Kinetic modeling and simulation of the planar Multipole Resonance Probe

Project: Research

Project participants


To control tech¬no¬¬logical plasmas, the in-situ measurement of their state vari¬a¬bles is required, especially of the ele¬ctron density and the electron temperature. This research project will contribute to this quest. It focuses on a particular diagnostic scheme, the industry-compatible diagnostic method “active plasma resonance spectroscopy”. APRS obtains information on a plasma by recording its response to radio frequency (RF) signal applied by an electric probe. A specific realization of the APRS concept is taken as example, the so-called planar multi¬pole resonance probe (pMRP) which has the benefit of fitting squarely into the chamber wall. First principles are used to uncover the relation between the observed resonance and the inner plasma parameters electron density and electron temperature.

In principle, the resonance is a collective effect which can be described well within a fluid dynamic model. This covers the relation between the observed resonance frequency and the electron density. The damping of the resonance is, however, strongly influenced by individual effects which can be studied only within a fully kinetic model. Although the existence of this influence is known since the 1960s, it is not yet fully understood. This is core of this research project.

To turn the APRS scheme into a useful measurement scheme, the influence of the kinetic effects must be understood on a quantitative level. An experimental approach is not possible, as the responsible physics takes place in the vicinity of the probe head, i.e., on the spatial scales of millimeters, and only during the high-frequency measuring process itself, i.e., on the temporal scale of nanoseconds. This is virtually impossible to be resolved experimentally.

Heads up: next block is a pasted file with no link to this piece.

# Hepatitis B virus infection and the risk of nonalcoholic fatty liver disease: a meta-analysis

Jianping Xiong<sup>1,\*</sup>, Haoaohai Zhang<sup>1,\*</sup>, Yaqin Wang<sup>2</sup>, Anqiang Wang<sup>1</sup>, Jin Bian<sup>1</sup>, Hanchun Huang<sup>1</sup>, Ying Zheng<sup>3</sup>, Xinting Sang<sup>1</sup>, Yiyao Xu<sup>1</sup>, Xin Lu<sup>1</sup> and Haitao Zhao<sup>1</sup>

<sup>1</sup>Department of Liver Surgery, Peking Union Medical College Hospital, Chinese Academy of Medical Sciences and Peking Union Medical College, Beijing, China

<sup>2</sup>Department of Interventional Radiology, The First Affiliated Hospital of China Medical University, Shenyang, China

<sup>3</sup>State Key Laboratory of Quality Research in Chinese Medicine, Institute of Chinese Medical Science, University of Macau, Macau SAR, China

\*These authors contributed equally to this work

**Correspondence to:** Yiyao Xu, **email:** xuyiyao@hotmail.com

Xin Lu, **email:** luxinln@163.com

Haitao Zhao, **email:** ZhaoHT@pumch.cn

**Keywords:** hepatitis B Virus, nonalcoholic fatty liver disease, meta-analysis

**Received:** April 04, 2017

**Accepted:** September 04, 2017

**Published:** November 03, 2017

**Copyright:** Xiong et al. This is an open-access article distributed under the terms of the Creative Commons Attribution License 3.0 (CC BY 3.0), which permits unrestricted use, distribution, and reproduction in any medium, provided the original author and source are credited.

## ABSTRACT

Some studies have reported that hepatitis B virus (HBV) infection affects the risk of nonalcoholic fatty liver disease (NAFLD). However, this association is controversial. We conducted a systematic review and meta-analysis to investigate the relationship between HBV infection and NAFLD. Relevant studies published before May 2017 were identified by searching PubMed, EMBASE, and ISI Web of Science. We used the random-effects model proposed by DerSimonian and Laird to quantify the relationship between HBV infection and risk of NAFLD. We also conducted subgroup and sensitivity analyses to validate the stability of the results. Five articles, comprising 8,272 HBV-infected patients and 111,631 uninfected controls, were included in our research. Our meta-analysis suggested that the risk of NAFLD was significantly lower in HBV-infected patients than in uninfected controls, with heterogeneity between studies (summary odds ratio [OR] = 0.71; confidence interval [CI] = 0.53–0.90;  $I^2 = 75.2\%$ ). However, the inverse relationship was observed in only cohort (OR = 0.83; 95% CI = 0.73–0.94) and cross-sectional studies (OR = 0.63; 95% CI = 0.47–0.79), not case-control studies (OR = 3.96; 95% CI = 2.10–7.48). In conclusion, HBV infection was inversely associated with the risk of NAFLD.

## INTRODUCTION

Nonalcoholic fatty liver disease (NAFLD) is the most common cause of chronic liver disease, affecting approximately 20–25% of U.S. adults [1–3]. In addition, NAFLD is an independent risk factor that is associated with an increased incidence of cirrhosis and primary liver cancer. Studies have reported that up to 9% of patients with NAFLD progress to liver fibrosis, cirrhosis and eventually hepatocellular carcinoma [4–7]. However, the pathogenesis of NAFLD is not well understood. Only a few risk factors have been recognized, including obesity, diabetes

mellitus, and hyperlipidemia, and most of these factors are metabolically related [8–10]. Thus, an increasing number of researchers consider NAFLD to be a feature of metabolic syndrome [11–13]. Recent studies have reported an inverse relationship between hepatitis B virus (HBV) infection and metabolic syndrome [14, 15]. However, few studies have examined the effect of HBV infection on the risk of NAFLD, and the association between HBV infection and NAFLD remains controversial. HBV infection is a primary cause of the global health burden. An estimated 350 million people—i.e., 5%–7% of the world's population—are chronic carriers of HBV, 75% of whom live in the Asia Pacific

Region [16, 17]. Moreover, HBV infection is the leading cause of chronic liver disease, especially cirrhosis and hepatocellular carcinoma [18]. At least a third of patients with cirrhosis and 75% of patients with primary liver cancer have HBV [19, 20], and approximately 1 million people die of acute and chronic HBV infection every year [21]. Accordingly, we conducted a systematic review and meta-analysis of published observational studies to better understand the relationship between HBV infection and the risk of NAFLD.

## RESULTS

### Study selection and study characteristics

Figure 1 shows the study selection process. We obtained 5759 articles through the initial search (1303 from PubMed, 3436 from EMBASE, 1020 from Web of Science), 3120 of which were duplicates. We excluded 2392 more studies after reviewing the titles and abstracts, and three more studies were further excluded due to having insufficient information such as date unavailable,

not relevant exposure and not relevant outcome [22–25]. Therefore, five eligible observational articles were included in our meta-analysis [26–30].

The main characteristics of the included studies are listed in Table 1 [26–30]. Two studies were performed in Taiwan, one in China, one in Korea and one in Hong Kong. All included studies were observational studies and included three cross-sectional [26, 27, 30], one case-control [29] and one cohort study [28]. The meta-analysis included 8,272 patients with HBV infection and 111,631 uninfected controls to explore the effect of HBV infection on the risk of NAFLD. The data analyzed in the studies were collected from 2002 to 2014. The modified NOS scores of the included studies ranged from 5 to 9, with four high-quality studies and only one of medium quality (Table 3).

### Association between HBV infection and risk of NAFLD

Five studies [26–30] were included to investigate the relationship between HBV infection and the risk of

For that reason, this research will attempt another approach for validation, namely compare two mathematically different methods which are based on two entirely different approaches. The first uses functional analysis; the second formulates an integral equation based on a linearization of the kinetic equation. The functional analytic approach has the advantage that collisions can be considered relatively easily; the integral equation approach is predestined for a collision-free dynamic. To compare the methods, they must both be extended to cover the other regime at least partially. When this is achieved, a complete understanding of the dynamic influence of the kinetic effects on the characteristics of the resonances will be available for the first time.

Once the basic physical aspects of probe behavior are clarified, a comprehensive mathe-matical model will be formulated which sets the frequency and the damping of the observed resonance in relation to the electron density and the electron temperature. Such a relation will be the basis for the desired improved evaluation rule to be used for supervision and control of plasma processes.


Research outputs